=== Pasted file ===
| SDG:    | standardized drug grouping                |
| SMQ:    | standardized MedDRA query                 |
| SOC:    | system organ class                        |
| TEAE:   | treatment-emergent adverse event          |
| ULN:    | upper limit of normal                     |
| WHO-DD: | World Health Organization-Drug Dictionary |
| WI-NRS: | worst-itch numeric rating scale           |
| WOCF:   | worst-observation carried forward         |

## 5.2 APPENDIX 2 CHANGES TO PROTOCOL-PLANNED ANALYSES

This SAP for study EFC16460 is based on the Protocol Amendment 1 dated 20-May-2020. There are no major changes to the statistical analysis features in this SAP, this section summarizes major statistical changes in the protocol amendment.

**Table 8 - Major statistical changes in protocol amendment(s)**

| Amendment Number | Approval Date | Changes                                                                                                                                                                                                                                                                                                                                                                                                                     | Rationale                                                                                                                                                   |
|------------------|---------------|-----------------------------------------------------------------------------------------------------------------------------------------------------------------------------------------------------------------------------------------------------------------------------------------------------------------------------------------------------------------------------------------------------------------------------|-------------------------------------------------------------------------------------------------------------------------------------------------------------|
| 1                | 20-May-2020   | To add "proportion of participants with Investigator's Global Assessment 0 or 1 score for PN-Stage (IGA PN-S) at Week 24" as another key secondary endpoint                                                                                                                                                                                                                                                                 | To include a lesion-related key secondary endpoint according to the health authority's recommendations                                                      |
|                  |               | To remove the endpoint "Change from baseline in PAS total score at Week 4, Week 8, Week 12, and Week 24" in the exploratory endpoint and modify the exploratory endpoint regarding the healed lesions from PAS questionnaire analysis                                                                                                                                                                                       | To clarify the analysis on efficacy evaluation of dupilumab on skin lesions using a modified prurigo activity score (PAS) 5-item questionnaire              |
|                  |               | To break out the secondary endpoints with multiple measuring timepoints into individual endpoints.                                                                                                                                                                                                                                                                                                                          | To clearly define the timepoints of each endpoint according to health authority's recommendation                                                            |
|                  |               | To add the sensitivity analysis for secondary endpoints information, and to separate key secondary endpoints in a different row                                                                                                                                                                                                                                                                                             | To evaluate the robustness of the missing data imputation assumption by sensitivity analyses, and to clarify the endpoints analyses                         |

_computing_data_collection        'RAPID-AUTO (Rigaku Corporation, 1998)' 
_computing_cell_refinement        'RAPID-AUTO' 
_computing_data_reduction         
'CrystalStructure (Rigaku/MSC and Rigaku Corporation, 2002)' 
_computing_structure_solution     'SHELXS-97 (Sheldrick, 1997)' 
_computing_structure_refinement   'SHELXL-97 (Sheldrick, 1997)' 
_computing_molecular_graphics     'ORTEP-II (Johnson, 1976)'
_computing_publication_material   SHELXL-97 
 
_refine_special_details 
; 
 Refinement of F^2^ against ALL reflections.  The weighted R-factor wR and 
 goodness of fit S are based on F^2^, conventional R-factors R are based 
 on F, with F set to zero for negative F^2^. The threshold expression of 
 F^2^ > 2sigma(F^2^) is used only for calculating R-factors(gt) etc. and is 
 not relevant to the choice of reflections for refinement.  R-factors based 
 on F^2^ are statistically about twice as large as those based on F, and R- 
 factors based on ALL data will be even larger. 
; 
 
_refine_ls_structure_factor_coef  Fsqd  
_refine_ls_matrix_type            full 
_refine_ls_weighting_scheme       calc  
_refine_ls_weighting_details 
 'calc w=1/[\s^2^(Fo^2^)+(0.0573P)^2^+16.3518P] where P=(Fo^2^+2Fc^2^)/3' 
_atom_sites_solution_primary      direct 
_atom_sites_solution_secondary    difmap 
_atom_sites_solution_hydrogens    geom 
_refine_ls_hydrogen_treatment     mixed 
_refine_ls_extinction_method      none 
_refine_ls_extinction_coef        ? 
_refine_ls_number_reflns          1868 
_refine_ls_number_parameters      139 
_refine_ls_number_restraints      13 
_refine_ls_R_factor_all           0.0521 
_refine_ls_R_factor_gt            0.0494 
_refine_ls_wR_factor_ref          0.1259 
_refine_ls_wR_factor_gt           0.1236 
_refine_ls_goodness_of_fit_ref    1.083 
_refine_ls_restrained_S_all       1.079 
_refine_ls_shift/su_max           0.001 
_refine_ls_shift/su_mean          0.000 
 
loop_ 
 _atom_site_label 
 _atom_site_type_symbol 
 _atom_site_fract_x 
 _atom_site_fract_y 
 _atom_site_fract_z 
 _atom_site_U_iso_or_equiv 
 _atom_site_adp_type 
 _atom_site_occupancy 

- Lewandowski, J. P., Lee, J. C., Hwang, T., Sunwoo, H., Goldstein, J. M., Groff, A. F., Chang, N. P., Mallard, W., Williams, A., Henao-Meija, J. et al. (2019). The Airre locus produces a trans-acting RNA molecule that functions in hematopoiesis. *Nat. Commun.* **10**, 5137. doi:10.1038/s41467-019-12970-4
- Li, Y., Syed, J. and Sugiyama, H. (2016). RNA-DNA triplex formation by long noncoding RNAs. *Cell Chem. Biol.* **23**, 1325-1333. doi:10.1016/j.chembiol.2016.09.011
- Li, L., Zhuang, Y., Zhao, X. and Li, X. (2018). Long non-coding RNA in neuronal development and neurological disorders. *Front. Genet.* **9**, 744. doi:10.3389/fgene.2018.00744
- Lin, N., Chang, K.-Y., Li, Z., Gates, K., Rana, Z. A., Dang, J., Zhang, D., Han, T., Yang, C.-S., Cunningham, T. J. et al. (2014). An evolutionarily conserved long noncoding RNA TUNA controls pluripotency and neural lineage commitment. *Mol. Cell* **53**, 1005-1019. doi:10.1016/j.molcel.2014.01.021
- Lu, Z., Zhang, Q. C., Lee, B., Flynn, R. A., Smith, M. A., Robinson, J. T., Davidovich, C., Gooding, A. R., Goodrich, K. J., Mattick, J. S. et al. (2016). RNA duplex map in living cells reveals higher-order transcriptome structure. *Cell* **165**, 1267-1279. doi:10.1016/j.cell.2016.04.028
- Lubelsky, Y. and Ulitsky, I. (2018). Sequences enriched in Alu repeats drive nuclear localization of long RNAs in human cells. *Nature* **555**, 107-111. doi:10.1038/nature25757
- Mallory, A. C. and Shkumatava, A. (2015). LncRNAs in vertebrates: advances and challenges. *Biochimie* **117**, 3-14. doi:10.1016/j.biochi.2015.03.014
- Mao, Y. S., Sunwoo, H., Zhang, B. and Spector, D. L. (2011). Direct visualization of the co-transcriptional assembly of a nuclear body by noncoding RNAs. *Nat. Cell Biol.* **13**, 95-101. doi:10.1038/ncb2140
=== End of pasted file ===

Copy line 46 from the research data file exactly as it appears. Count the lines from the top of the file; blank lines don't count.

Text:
_refine_ls_extinction_coef        ? 